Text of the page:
Even if the goals aren’t unique or especially profound, they do give us a reason to do the things we do. As long as you find sufficient reason to pursue something or someone, you should go ahead and pursue it.
Of course, some goals are objectively better or grander than others, but as everyone is different, with different likes and dislikes, and different capabilities, as long as good results from your goals, they are worthy pursuing.
The larger the goal, the more people and other variables it involves, the more difficult it will be to achieve. You shouldn’t let this discourage you from pursuing your dreams, no matter how daunting it seems.
2. They create momentum.
The only reason we pursue our dreams in the first place is that our egos want us to; they believe we can accomplish great things and desire that greatness. And it’s great; it’s the reason people can accomplish things others believed impossible.
The amount of energy it takes to get from point A to point B, in this scenario, however, requires a lot of energy.
When we first get started, we’re excited and anxious to get ahead. We approach the tasks at hand with enthusiasm and curiosity.
As time goes on, however, without getting the slightest taste of victory, our egos begin to question themselves.
They begin to wonder if they are as strong and intelligent as they believed themselves to be. They question if it’s even possible for them to attain their goals.
What little victories allow for is momentum — with each little win, we feel more confident in ourselves. We feel reinvigorated and begin to once again find pleasure and fascination in our work and journey.
Without this momentum, we would — plain and simple — give up. We would have no choice as we wouldn’t be able to find the energy to continue.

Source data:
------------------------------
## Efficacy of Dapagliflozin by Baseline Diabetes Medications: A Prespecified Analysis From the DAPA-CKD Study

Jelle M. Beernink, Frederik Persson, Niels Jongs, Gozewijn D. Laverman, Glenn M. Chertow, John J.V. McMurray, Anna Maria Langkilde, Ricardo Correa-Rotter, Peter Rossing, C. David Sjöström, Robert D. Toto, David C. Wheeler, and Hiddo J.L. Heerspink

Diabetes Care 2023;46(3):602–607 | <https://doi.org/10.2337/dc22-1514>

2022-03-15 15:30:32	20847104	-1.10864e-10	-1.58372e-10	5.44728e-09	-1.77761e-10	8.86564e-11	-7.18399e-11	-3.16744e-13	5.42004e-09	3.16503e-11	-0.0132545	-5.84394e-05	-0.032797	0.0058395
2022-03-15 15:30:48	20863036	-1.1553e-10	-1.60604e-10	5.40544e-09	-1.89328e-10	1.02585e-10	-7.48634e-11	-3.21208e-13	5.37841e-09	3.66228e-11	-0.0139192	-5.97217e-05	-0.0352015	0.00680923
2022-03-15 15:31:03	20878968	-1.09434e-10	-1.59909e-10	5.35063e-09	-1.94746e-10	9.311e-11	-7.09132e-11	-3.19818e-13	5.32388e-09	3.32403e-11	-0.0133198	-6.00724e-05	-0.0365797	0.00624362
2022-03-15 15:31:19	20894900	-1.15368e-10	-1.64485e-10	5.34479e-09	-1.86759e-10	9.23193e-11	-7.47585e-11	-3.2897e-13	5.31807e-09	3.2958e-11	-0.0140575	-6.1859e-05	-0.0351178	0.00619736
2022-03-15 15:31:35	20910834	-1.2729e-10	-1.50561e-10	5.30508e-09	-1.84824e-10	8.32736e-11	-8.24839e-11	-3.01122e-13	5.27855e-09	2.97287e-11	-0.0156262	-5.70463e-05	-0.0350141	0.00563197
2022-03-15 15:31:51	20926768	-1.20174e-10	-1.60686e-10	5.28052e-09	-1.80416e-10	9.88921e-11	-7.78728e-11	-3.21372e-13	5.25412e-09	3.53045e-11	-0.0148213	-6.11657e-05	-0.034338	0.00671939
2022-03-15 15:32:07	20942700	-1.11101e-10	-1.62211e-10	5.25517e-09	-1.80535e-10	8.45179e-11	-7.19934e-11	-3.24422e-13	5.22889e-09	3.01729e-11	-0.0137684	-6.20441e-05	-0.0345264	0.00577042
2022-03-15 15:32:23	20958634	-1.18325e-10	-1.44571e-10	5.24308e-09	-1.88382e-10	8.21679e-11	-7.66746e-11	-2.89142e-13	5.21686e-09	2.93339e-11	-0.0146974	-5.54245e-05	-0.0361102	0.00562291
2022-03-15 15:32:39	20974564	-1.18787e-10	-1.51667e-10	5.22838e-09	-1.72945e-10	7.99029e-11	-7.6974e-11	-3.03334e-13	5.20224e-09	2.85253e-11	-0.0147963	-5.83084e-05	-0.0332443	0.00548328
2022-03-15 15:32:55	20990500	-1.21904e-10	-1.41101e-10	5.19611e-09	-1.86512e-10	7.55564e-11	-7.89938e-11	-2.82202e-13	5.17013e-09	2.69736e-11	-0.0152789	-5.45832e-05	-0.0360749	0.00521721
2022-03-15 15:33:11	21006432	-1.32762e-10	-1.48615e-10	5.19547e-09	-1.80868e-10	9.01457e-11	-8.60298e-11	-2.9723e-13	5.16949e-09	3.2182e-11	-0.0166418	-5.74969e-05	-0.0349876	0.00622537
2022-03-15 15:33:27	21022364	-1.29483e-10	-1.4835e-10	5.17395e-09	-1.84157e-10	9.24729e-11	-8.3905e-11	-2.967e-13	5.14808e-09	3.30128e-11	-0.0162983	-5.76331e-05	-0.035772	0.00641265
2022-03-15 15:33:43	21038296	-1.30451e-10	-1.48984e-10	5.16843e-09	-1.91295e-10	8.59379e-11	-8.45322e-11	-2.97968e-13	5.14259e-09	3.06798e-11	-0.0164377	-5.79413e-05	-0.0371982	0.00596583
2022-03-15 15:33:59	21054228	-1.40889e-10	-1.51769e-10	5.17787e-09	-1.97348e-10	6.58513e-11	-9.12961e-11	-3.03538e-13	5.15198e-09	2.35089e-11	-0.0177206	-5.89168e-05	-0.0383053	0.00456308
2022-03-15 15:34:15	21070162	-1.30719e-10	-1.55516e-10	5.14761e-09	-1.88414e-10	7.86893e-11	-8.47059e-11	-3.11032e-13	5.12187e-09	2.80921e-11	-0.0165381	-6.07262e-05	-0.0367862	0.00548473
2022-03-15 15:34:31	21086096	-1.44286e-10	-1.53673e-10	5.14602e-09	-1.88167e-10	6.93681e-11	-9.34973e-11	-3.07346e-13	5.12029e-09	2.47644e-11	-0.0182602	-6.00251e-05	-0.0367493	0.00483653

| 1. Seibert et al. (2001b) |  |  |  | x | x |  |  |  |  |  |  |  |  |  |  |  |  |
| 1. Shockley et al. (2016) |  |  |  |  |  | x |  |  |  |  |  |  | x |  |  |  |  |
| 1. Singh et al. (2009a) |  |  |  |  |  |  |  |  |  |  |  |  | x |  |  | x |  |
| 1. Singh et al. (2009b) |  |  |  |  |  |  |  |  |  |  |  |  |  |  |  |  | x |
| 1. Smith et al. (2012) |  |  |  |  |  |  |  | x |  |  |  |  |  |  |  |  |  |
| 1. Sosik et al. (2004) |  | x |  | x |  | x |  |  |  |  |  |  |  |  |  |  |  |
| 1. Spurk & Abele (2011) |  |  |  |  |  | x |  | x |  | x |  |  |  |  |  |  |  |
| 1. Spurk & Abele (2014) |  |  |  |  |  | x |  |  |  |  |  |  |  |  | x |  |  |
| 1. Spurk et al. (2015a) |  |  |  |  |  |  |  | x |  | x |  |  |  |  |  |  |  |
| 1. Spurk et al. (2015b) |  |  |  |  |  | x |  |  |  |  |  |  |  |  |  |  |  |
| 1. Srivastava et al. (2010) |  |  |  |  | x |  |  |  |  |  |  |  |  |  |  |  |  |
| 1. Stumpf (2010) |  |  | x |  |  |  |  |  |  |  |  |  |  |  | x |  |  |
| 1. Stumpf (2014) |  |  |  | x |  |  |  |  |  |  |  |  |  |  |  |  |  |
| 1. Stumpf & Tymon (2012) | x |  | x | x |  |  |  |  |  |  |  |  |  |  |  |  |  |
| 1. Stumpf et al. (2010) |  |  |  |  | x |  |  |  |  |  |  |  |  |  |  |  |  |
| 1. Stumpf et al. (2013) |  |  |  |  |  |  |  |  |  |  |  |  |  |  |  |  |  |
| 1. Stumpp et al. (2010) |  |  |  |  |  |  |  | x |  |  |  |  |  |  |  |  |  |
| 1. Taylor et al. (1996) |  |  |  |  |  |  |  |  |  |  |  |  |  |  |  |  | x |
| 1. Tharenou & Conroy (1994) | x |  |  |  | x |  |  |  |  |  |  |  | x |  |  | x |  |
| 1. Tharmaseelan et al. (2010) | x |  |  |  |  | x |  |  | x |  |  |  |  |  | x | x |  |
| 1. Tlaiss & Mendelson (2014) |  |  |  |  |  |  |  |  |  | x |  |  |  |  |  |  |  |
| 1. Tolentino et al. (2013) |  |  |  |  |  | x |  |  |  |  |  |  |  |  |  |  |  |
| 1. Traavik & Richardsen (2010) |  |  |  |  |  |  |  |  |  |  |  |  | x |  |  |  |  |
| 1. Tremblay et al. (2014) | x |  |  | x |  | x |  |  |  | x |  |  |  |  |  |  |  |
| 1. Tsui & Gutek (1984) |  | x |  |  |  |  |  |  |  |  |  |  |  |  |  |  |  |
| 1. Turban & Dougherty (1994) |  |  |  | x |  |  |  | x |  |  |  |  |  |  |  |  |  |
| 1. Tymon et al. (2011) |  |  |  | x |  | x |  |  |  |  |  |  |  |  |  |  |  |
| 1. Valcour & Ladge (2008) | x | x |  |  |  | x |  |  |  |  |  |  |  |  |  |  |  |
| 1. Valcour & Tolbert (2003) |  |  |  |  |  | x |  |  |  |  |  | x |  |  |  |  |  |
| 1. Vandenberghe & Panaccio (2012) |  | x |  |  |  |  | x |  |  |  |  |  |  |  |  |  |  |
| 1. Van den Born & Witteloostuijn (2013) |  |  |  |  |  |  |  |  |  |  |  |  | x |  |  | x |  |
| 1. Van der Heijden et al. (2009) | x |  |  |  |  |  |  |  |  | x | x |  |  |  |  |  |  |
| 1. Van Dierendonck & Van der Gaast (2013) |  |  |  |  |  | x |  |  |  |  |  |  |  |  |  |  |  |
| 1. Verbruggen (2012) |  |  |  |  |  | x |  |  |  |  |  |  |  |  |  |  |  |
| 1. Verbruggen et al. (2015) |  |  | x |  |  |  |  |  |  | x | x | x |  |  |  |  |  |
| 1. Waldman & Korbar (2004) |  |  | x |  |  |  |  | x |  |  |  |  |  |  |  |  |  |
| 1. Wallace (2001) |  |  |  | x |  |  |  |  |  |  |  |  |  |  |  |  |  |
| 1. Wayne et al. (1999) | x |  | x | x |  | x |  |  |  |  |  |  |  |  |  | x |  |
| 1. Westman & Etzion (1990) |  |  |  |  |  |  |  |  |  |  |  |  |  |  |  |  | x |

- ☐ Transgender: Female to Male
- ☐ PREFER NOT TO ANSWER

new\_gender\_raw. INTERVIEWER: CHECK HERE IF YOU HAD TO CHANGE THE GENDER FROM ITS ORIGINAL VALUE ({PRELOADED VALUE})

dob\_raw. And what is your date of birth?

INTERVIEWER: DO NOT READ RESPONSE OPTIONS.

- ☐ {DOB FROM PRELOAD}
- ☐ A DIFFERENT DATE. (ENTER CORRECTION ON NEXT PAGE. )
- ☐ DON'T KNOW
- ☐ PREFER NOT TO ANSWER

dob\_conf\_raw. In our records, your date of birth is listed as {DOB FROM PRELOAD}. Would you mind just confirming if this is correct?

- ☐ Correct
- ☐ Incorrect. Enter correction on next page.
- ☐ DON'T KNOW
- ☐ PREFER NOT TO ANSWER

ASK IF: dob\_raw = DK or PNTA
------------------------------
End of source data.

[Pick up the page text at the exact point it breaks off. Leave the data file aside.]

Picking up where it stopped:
3. They make your failures more bearable.
If you are going to attempt anything new in life, you’re going to fail the first time, 99 percent of the time. Failure is unavoidable.
While smaller failures tend to roll off our backs, the larger ones can often hit us square in the gut, forcing us to buckle over.
The problem with pursuing bigger dreams and goals is the grander the pursuit, the more brutal the failure. The higher up that mountain you aim to climb, the bigger and rougher the fall you have to prepare for.
Picking yourself up and dusting yourself off isn’t easy. It’s easy to imagine, but much more difficult to do in practice. We tend to take failure very personally — even though we really shouldn’t.
Little victories give us tiny boosts throughout our lives, comforting us and reminding us that greater victories await you — so long as you stick it out and refuse to give up. There’s a lot in life worth giving up; giving up on yourself is not one of those things.
4. They feel really good.
They do. There are plenty of ways victories — large and small — benefit us. But it all really boils down to the fact that they make us feel better.